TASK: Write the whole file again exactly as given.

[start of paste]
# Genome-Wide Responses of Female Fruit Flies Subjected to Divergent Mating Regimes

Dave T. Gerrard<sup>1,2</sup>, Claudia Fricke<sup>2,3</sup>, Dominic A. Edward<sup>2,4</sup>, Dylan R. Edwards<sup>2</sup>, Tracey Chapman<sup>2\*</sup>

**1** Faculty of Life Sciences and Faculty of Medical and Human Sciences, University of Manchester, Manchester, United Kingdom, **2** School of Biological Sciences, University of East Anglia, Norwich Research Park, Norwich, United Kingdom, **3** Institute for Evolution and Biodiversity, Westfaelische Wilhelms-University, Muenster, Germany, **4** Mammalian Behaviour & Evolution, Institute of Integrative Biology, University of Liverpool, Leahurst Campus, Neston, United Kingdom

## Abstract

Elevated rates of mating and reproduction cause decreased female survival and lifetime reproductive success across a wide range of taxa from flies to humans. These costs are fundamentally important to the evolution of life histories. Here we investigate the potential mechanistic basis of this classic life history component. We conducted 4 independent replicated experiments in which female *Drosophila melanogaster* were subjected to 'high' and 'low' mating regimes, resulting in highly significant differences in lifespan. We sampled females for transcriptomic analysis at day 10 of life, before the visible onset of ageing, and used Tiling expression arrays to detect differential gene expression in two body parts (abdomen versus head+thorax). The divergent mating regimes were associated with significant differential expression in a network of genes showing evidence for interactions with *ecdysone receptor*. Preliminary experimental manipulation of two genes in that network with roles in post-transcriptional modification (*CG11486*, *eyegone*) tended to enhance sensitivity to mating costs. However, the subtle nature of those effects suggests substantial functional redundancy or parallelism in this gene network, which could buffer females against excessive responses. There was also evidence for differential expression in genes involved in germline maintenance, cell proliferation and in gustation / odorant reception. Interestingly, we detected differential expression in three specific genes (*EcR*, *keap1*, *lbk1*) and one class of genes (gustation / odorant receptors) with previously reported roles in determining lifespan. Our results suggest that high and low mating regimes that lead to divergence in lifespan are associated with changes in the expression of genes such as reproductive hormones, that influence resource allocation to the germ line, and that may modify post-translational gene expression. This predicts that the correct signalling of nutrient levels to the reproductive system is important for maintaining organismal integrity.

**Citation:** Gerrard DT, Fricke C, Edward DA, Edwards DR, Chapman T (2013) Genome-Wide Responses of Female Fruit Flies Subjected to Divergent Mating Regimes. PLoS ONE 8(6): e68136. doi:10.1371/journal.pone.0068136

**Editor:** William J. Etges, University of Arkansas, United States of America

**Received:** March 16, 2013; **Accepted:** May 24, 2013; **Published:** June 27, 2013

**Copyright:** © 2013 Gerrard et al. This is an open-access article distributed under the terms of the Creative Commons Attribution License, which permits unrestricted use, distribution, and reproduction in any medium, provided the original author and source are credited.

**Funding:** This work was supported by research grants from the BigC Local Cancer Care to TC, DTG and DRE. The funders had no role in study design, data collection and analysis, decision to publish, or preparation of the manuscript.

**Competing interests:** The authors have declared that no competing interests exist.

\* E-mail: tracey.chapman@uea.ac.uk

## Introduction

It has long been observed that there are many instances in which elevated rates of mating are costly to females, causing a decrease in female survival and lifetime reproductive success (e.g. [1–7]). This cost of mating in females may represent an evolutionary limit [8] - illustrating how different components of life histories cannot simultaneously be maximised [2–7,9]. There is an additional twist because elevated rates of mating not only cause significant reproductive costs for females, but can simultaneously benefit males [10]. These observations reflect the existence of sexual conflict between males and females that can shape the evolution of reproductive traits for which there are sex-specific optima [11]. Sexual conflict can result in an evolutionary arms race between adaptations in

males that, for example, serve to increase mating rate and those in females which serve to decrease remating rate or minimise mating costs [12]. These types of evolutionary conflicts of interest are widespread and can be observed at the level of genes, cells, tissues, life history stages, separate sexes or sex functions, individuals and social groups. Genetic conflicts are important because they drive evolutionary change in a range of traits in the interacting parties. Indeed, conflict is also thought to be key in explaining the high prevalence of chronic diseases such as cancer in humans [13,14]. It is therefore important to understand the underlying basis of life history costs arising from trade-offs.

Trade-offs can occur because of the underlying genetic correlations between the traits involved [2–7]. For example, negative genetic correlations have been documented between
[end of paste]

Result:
# Genome-Wide Responses of Female Fruit Flies Subjected to Divergent Mating Regimes

Dave T. Gerrard<sup>1,2</sup>, Claudia Fricke<sup>2,3</sup>, Dominic A. Edward<sup>2,4</sup>, Dylan R. Edwards<sup>2</sup>, Tracey Chapman<sup>2\*</sup>

**1** Faculty of Life Sciences and Faculty of Medical and Human Sciences, University of Manchester, Manchester, United Kingdom, **2** School of Biological Sciences, University of East Anglia, Norwich Research Park, Norwich, United Kingdom, **3** Institute for Evolution and Biodiversity, Westfaelische Wilhelms-University, Muenster, Germany, **4** Mammalian Behaviour & Evolution, Institute of Integrative Biology, University of Liverpool, Leahurst Campus, Neston, United Kingdom

## Abstract

Elevated rates of mating and reproduction cause decreased female survival and lifetime reproductive success across a wide range of taxa from flies to humans. These costs are fundamentally important to the evolution of life histories. Here we investigate the potential mechanistic basis of this classic life history component. We conducted 4 independent replicated experiments in which female *Drosophila melanogaster* were subjected to 'high' and 'low' mating regimes, resulting in highly significant differences in lifespan. We sampled females for transcriptomic analysis at day 10 of life, before the visible onset of ageing, and used Tiling expression arrays to detect differential gene expression in two body parts (abdomen versus head+thorax). The divergent mating regimes were associated with significant differential expression in a network of genes showing evidence for interactions with *ecdysone receptor*. Preliminary experimental manipulation of two genes in that network with roles in post-transcriptional modification (*CG11486*, *eyegone*) tended to enhance sensitivity to mating costs. However, the subtle nature of those effects suggests substantial functional redundancy or parallelism in this gene network, which could buffer females against excessive responses. There was also evidence for differential expression in genes involved in germline maintenance, cell proliferation and in gustation / odorant reception. Interestingly, we detected differential expression in three specific genes (*EcR*, *keap1*, *lbk1*) and one class of genes (gustation / odorant receptors) with previously reported roles in determining lifespan. Our results suggest that high and low mating regimes that lead to divergence in lifespan are associated with changes in the expression of genes such as reproductive hormones, that influence resource allocation to the germ line, and that may modify post-translational gene expression. This predicts that the correct signalling of nutrient levels to the reproductive system is important for maintaining organismal integrity.

**Citation:** Gerrard DT, Fricke C, Edward DA, Edwards DR, Chapman T (2013) Genome-Wide Responses of Female Fruit Flies Subjected to Divergent Mating Regimes. PLoS ONE 8(6): e68136. doi:10.1371/journal.pone.0068136

**Editor:** William J. Etges, University of Arkansas, United States of America

**Received:** March 16, 2013; **Accepted:** May 24, 2013; **Published:** June 27, 2013

**Copyright:** © 2013 Gerrard et al. This is an open-access article distributed under the terms of the Creative Commons Attribution License, which permits unrestricted use, distribution, and reproduction in any medium, provided the original author and source are credited.

**Funding:** This work was supported by research grants from the BigC Local Cancer Care to TC, DTG and DRE. The funders had no role in study design, data collection and analysis, decision to publish, or preparation of the manuscript.

**Competing interests:** The authors have declared that no competing interests exist.

\* E-mail: tracey.chapman@uea.ac.uk

## Introduction

It has long been observed that there are many instances in which elevated rates of mating are costly to females, causing a decrease in female survival and lifetime reproductive success (e.g. [1–7]). This cost of mating in females may represent an evolutionary limit [8] - illustrating how different components of life histories cannot simultaneously be maximised [2–7,9]. There is an additional twist because elevated rates of mating not only cause significant reproductive costs for females, but can simultaneously benefit males [10]. These observations reflect the existence of sexual conflict between males and females that can shape the evolution of reproductive traits for which there are sex-specific optima [11]. Sexual conflict can result in an evolutionary arms race between adaptations in

males that, for example, serve to increase mating rate and those in females which serve to decrease remating rate or minimise mating costs [12]. These types of evolutionary conflicts of interest are widespread and can be observed at the level of genes, cells, tissues, life history stages, separate sexes or sex functions, individuals and social groups. Genetic conflicts are important because they drive evolutionary change in a range of traits in the interacting parties. Indeed, conflict is also thought to be key in explaining the high prevalence of chronic diseases such as cancer in humans [13,14]. It is therefore important to understand the underlying basis of life history costs arising from trade-offs.

Trade-offs can occur because of the underlying genetic correlations between the traits involved [2–7]. For example, negative genetic correlations have been documented between